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Of Essays and Assays

Katie L. Burke

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In this passage adapted from her review of The Science Writers’ Essay Handbook: How to Craft Compelling True Stories in Any Medium, by Michelle Nijhuis, Katie L. Burke reflects on one of the book’s key insights: The writing process and the scientific process are more similar than they seem. You can find the full review here, on our Science Culture blog channel.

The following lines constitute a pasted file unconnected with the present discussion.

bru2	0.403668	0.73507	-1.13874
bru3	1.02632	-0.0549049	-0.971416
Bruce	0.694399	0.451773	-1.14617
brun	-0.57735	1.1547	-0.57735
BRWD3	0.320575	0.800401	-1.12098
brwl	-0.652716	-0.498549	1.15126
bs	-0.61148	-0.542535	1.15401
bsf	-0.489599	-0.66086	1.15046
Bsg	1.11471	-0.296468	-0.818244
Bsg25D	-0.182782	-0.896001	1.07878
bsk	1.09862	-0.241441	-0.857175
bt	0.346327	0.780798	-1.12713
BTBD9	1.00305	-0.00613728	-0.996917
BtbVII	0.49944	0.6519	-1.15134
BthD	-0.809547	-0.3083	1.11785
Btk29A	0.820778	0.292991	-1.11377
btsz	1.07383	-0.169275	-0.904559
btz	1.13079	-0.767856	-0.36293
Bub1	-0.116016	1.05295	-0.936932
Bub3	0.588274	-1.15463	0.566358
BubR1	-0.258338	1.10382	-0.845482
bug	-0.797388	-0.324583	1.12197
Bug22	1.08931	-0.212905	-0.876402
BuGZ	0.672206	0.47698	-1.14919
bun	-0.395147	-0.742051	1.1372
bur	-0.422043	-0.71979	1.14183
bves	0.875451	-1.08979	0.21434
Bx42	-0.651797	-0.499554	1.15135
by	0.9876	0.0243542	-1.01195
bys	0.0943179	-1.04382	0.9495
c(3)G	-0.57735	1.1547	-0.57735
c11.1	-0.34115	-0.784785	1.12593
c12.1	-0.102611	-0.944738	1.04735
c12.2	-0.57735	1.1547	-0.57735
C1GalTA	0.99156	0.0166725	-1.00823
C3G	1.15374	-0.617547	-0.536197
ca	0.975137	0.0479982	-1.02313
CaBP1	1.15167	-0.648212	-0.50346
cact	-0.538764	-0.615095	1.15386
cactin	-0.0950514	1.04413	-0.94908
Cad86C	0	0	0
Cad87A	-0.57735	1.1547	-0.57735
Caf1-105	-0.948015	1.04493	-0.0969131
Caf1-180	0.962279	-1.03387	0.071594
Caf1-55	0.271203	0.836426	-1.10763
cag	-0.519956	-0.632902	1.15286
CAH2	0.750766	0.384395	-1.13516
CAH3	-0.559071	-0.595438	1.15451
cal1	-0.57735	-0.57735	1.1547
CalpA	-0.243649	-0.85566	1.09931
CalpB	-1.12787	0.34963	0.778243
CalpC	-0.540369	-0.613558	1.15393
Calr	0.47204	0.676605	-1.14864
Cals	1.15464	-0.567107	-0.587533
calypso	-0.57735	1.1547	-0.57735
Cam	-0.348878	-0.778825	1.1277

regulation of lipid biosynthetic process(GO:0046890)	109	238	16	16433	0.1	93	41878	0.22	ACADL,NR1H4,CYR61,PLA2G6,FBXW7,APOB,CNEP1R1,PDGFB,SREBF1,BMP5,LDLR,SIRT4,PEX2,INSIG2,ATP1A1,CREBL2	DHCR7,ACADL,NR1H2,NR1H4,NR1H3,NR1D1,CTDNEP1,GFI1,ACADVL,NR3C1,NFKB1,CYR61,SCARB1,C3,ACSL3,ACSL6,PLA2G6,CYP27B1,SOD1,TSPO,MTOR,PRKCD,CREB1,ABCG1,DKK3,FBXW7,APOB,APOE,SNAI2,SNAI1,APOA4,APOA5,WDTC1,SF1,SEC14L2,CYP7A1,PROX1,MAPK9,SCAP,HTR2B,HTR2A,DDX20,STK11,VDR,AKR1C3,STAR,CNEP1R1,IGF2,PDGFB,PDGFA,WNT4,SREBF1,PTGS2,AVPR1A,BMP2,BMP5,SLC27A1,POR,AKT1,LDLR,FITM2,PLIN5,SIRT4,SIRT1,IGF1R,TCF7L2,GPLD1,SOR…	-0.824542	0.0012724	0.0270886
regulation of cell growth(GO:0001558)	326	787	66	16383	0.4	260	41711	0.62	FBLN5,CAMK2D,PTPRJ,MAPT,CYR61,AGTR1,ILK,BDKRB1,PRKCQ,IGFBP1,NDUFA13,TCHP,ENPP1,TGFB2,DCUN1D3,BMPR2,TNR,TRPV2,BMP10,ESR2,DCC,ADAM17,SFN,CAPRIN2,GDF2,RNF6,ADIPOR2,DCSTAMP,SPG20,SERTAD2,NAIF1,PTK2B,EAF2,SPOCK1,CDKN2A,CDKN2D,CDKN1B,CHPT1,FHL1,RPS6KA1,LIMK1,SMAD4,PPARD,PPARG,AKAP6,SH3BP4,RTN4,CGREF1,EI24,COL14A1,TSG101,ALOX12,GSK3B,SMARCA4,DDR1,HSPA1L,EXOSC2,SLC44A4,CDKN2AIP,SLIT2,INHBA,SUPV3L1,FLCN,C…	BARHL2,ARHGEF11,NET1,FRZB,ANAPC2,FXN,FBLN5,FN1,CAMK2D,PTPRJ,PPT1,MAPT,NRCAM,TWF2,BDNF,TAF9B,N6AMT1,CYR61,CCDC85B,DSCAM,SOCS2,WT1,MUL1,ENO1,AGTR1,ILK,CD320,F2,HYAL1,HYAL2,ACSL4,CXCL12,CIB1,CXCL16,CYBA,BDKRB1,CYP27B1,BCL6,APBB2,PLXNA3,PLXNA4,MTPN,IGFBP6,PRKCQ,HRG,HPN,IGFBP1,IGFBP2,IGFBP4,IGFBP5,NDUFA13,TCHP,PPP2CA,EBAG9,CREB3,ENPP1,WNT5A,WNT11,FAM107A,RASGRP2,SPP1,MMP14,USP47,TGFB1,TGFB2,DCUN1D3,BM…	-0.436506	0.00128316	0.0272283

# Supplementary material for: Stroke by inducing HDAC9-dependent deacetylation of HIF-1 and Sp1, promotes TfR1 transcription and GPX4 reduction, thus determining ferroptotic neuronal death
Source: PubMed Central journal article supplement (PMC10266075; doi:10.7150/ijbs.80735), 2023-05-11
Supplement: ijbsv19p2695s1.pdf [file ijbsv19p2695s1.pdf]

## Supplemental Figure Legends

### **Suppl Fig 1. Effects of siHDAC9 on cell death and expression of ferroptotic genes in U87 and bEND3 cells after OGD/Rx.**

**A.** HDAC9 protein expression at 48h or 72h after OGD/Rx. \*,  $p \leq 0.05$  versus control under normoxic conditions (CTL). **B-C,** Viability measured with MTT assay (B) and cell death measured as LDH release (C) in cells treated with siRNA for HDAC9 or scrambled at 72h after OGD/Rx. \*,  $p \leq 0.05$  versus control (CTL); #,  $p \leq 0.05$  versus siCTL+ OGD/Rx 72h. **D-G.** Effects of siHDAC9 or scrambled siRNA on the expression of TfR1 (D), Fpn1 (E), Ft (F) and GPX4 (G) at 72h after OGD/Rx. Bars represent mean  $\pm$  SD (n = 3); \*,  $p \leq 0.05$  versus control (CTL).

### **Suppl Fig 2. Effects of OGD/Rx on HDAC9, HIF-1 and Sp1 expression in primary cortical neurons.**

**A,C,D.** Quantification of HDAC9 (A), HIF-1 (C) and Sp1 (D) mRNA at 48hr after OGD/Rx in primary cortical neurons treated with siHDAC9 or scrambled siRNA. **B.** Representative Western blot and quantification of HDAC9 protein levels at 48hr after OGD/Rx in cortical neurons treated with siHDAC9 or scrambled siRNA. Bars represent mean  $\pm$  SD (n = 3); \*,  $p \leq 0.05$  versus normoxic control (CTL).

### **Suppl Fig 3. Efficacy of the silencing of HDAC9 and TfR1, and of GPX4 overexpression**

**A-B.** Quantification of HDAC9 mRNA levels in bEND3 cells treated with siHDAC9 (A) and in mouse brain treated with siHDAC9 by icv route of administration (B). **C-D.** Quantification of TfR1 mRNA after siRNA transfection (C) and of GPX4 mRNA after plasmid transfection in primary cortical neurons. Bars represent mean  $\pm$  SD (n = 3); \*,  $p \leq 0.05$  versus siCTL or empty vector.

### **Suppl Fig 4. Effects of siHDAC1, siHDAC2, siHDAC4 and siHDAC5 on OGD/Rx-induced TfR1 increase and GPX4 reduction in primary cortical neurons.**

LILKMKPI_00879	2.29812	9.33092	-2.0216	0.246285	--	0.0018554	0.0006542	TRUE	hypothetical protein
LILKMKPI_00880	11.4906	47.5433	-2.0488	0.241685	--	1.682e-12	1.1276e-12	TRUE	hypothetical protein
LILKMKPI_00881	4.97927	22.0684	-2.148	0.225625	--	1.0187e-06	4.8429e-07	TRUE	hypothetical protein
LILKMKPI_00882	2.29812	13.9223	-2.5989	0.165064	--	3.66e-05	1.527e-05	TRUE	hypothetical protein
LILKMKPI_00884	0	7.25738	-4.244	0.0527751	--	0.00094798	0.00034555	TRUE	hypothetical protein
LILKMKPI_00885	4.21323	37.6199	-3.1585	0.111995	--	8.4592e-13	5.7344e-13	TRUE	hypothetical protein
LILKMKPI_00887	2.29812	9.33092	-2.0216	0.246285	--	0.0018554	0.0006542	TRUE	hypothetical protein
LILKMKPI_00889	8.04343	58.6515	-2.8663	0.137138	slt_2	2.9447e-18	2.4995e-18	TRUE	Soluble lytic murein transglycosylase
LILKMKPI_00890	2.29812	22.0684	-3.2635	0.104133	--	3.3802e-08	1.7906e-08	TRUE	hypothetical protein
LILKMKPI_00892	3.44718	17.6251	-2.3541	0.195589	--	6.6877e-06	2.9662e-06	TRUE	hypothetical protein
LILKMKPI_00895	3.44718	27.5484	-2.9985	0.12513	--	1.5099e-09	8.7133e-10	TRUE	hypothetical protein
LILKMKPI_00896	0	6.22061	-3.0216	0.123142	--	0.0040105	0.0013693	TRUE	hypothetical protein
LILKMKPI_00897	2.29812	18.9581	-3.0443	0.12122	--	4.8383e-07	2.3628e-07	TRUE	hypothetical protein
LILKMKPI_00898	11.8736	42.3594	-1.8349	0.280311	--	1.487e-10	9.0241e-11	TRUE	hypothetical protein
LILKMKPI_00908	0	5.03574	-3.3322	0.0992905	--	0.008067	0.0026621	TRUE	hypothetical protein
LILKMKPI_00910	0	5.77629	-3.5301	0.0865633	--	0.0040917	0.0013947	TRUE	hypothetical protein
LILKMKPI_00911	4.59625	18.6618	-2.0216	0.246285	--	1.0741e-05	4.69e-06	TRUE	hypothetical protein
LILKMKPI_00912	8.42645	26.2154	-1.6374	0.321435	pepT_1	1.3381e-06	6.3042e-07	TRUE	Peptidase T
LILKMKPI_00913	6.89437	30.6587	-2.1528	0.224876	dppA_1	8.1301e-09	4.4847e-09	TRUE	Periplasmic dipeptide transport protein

In her new book, The Science Writers’ Essay Handbook, Michelle Nijhuis celebrates the beauty of the essay craft. Essays are best defined by what they are not, she explains. After detailing all the forms that don’t count as an essay (for example, a traditional news story or the “five-paragraph essay” you might have written in a high school or college class), she describes the form as “stories that examine other stories.” To identify what makes an essay work, Nijhuis says, “Good essays have more in common with good science, in that they begin not with a thesis but more tentatively, with a question.” Indeed, she points out, the essay and the scientific method both arose around the same time in the 1600s and exemplify Enlightenment thinking. Before the 1900s, Nijhuis emphasizes, most scientists, including Charles Darwin and Ada Lovelace, wrote essays when describing their research results. As with science, a good essay satisfies through the journey of exploration, not the conclusion’s scope or certainty. By framing the writing process in this way and by offering practical aids—for example, tips for curing common writing ailments and starting points for organizing one’s thoughts—Nijhuis empowers her reader, the writer. —Katie L. Burke

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